In this biography of Louis Pasteur good use is made of the laboratory notebooks that Pasteur once asked his family to keep forever from public view. It is only recently that these important documents entered the public domain, but they are now available to anyone who has access to the manuscript room of the Biblioth que Nationale in Paris. They came there as part of a vast collection of unpublished papers still in the hands of relatives; and Gerald Geison promptly set himself the task of deciphering Pasteur's day-by-day recording of thousands of experiments. He did this knowing that no scientific biography is complete unless it shows how raw data are converted into published results; and realising that, in relation to Pasteur's scientific career, there was now a totally new set of "texts" to read. From the facsimiles selected for publication one can see that the task of notebook deciphering will take decades to complete. Meanwhile, by taking one example from each type of experiment (chemical, animal and human) Geison has shown "that the standard Pastorean legend needs to be qualified, even transformed".
According to this legend Pasteur was "the great and selfless benefactor of humanity who single-handedly slashed through the prejudices of his time to discover a set of scientific principles unmatched in their impact on the daily lives and well-being of humankind". Insofar as the Pasteur Institute in Paris is literally a shrine as well as a centre of biomedical research, this legend is set in stone. But from Geison's archival research has come evidence that, although Pasteur was a brilliant experimentalist, he was no exemplar of modesty or ethical rectitude. On the contrary, he often failed to give credit where credit was due, and was not above deliberately deceiving his scientific peers.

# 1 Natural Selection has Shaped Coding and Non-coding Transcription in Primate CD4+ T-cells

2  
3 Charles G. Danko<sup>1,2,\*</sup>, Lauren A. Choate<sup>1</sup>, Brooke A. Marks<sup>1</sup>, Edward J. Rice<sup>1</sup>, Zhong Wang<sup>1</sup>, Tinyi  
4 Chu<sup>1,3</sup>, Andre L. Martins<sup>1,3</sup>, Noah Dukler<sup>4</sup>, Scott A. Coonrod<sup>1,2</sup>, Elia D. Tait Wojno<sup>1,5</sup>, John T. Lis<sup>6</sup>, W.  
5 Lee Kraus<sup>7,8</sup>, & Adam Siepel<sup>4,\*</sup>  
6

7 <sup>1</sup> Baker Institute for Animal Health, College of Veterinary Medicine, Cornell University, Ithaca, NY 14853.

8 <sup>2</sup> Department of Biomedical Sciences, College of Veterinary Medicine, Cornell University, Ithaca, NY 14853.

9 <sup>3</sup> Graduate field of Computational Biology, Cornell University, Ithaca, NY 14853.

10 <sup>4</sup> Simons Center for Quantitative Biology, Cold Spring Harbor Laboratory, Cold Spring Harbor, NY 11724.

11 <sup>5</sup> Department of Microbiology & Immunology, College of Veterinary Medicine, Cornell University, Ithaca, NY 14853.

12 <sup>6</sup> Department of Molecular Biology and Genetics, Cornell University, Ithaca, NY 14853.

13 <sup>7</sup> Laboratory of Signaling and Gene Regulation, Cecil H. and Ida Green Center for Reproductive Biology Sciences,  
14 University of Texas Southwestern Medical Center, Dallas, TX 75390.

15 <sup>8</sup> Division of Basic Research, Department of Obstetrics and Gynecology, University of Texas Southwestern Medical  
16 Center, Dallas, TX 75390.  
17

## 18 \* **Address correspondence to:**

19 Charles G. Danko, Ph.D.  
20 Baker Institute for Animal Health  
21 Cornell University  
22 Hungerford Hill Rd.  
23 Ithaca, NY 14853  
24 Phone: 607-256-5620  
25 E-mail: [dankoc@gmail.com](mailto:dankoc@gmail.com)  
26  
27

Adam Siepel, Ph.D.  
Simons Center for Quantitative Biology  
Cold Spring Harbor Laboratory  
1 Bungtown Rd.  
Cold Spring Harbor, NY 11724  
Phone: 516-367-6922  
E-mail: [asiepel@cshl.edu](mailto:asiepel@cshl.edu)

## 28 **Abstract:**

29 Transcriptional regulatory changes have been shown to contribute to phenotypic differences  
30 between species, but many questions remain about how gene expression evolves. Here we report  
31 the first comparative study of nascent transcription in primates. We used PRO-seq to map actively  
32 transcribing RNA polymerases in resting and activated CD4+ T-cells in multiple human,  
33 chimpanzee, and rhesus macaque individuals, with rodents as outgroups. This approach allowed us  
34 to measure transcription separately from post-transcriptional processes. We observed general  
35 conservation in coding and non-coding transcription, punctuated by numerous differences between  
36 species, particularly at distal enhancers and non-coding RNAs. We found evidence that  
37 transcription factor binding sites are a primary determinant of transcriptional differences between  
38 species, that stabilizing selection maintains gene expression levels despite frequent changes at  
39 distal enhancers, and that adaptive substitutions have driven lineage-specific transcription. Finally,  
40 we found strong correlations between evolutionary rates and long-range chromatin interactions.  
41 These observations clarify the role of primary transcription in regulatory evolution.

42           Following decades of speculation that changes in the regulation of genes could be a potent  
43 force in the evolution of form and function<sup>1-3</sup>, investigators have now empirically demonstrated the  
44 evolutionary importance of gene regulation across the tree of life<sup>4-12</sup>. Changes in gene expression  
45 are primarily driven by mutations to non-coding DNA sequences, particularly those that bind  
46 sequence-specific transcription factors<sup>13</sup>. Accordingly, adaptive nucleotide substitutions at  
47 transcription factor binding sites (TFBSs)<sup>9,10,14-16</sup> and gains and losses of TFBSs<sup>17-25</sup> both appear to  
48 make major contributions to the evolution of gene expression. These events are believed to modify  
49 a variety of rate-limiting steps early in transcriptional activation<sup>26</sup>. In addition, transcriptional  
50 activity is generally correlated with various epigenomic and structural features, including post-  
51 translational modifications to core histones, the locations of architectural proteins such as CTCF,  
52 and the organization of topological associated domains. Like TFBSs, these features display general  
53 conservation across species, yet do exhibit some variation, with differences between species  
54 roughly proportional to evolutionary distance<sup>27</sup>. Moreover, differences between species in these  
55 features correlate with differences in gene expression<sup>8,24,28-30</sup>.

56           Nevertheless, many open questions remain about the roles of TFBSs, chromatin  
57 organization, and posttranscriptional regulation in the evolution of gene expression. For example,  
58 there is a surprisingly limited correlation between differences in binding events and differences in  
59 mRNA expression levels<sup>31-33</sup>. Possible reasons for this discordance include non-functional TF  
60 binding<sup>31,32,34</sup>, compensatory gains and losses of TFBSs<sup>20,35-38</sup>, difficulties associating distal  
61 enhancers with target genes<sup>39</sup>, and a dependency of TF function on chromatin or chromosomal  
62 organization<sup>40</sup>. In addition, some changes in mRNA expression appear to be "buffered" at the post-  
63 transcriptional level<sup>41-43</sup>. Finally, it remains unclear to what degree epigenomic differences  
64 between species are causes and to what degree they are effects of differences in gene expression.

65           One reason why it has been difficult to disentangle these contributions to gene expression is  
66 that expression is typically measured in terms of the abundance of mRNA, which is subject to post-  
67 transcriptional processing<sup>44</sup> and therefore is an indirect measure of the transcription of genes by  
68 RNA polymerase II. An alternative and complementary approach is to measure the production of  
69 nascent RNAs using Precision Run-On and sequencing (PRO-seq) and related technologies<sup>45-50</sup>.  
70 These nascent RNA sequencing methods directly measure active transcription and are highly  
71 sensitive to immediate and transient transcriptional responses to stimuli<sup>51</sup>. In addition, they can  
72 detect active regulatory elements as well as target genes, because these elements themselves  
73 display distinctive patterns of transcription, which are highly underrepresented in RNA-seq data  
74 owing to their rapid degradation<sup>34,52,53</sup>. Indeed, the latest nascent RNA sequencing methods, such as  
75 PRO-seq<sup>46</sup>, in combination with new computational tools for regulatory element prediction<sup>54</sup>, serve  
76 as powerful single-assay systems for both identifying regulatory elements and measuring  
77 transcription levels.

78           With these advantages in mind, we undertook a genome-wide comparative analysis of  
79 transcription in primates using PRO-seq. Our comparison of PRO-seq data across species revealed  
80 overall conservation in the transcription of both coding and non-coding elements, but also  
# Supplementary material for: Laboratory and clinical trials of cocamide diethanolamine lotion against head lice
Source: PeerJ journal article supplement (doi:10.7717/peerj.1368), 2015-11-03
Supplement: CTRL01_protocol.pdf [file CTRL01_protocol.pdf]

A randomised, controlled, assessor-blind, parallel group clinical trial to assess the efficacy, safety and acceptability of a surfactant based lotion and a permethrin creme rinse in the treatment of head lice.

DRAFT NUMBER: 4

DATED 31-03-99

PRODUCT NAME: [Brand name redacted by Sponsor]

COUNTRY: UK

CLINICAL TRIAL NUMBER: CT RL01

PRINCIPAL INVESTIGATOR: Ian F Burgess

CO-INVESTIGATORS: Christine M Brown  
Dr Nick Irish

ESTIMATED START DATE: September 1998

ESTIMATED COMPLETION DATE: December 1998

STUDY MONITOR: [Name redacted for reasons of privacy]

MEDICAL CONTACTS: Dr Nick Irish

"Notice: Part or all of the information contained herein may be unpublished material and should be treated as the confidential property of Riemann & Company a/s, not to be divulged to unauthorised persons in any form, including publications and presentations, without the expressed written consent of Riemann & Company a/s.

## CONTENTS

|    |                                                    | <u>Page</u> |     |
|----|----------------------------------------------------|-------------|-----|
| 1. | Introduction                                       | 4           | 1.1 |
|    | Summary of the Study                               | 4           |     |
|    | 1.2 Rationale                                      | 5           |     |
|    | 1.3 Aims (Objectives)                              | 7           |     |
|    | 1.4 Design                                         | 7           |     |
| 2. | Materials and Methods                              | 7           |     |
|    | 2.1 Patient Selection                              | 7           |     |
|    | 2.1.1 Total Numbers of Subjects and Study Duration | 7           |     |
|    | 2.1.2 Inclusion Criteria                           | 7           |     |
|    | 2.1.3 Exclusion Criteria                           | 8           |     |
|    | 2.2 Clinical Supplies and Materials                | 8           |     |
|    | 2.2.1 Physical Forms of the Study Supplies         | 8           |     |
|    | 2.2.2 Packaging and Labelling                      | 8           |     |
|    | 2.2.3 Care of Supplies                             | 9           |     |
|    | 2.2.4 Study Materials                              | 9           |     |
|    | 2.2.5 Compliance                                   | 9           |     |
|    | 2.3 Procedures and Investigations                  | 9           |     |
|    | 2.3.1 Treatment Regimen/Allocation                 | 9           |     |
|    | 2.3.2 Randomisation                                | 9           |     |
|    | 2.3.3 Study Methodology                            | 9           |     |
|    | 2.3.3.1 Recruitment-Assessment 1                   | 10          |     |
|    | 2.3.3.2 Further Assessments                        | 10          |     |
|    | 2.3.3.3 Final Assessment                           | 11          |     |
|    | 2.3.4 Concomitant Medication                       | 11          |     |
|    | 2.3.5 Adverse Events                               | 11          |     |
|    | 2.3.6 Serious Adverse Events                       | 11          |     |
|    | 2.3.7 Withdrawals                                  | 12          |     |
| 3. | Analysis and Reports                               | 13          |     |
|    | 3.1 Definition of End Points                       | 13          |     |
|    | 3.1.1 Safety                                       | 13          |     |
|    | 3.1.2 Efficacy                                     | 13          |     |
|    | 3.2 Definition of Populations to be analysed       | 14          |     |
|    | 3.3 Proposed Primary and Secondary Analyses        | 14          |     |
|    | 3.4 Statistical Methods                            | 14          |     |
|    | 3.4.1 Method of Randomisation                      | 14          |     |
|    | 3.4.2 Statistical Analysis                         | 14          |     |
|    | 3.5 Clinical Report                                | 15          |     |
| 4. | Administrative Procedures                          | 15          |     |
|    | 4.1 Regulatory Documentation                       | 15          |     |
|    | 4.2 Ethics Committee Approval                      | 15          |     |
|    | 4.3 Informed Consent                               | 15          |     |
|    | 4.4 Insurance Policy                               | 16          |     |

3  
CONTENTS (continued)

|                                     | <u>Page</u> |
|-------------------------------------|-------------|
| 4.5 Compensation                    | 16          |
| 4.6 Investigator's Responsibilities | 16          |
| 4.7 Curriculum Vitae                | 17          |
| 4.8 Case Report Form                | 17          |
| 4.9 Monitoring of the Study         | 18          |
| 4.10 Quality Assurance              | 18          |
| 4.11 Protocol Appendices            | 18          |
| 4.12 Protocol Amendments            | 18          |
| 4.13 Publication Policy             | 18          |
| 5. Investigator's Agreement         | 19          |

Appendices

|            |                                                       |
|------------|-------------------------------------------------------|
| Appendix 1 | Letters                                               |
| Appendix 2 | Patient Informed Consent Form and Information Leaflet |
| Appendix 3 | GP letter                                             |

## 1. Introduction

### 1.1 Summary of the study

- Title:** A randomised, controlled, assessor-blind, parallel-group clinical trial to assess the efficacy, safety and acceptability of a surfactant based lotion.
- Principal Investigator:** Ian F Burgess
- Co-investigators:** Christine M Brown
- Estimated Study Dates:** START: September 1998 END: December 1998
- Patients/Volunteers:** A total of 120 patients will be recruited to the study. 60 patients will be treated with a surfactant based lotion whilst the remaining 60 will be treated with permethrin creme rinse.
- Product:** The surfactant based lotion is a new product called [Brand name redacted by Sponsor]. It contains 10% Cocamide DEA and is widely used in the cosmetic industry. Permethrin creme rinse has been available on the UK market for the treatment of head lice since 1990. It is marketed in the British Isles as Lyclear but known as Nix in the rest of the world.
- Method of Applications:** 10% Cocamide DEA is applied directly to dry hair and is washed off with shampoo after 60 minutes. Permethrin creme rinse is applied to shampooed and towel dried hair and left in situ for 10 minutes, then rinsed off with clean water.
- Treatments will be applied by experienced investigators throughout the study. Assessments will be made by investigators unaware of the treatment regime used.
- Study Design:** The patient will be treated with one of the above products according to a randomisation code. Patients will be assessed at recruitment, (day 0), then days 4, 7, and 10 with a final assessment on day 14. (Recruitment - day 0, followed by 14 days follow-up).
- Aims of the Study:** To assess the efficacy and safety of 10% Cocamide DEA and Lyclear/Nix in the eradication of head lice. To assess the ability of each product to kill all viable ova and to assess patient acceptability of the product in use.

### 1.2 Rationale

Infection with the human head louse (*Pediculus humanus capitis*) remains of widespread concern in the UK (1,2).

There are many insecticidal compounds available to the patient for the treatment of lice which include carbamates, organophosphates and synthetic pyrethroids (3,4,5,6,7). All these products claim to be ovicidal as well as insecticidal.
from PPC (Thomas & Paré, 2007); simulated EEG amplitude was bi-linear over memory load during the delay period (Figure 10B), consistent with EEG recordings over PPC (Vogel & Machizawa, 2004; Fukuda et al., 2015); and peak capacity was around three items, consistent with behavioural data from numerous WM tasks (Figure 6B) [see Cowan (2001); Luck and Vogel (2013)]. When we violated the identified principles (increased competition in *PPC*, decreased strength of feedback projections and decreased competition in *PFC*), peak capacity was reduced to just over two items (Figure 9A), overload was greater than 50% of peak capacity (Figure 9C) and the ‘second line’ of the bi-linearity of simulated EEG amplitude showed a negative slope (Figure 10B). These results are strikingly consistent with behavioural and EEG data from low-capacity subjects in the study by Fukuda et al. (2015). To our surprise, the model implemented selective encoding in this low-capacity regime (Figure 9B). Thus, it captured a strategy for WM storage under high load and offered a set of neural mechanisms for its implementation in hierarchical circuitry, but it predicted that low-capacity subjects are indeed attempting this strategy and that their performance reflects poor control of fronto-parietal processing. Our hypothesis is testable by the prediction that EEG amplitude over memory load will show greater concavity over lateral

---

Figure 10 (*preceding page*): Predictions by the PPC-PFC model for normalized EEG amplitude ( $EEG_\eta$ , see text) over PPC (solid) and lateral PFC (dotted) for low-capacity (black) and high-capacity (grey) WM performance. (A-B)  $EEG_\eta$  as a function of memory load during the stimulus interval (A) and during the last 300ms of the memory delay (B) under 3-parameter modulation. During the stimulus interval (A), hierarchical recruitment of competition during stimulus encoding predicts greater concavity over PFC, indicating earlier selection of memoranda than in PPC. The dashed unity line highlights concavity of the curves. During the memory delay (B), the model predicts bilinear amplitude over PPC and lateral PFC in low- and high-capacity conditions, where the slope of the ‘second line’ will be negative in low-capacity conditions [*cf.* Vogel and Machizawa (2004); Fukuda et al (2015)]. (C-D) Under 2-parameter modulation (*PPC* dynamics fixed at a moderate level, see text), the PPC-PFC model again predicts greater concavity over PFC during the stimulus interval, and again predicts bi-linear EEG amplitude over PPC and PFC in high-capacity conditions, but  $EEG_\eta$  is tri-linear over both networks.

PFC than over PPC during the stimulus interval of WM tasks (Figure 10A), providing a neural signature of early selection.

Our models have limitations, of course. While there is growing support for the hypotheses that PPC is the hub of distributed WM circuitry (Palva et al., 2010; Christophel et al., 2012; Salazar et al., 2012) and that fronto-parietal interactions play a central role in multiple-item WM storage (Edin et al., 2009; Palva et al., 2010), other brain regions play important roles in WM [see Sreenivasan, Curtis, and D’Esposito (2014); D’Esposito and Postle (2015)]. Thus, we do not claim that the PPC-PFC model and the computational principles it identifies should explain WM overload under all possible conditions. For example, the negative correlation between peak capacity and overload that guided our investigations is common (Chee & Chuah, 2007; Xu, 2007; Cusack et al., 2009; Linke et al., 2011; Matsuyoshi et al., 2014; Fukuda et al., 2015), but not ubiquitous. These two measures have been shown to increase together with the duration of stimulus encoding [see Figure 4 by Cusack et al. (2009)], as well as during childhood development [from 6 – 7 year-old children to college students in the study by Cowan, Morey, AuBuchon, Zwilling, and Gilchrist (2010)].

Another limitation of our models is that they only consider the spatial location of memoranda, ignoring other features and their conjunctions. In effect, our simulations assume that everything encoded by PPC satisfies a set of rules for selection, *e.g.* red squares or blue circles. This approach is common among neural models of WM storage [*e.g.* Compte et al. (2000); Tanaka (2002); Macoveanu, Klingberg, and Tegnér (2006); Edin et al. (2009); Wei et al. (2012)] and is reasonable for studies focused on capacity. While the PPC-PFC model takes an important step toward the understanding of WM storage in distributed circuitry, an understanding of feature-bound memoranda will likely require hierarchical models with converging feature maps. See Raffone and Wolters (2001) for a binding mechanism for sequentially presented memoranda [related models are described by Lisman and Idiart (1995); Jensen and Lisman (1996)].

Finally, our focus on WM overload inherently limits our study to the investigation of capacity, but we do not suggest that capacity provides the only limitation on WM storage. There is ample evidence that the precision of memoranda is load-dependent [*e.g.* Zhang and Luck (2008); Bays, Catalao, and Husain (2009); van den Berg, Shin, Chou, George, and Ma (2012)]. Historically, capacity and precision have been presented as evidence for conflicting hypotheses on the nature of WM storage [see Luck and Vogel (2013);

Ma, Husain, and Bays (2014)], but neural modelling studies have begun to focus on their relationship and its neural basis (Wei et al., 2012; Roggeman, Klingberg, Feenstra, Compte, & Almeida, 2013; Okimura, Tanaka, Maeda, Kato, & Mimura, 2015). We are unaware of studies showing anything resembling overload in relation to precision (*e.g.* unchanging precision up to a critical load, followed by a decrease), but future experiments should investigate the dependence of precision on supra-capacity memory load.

Pasteur's first claim to fame was the result of solving a problem of great importance to chemical theory. He did this by showing that although one of two soluble salts with exactly the same chemical reactions and molecular components consisted of a single set of hemihedral crystals, the other could be separated into two sets - identical in every respect except that the crystals were mirror images of one another. The notebooks show that this discovery was the result of work by Auguste Laurent - which showed that when substances have the same crystalline form they necessarily have the same type of optical activity - and work by Pasteur who was desperately trying to find the reason for an apparent exception to the Laurentian rule. But the world has been led to believe that Pasteur, with exceptional brilliance, suddenly realised that, when one of two otherwise identical substances deflects polarised light to the right and the other is optically inactive (the only known difference between the two salts he was studying) the inactive one must consist of equal parts of dextro- and laevo-rotary crystals. Even in his famous lecture of 1860 there was no mention by Pasteur either of the true sequence of events or his debt to a close colleague and mentor.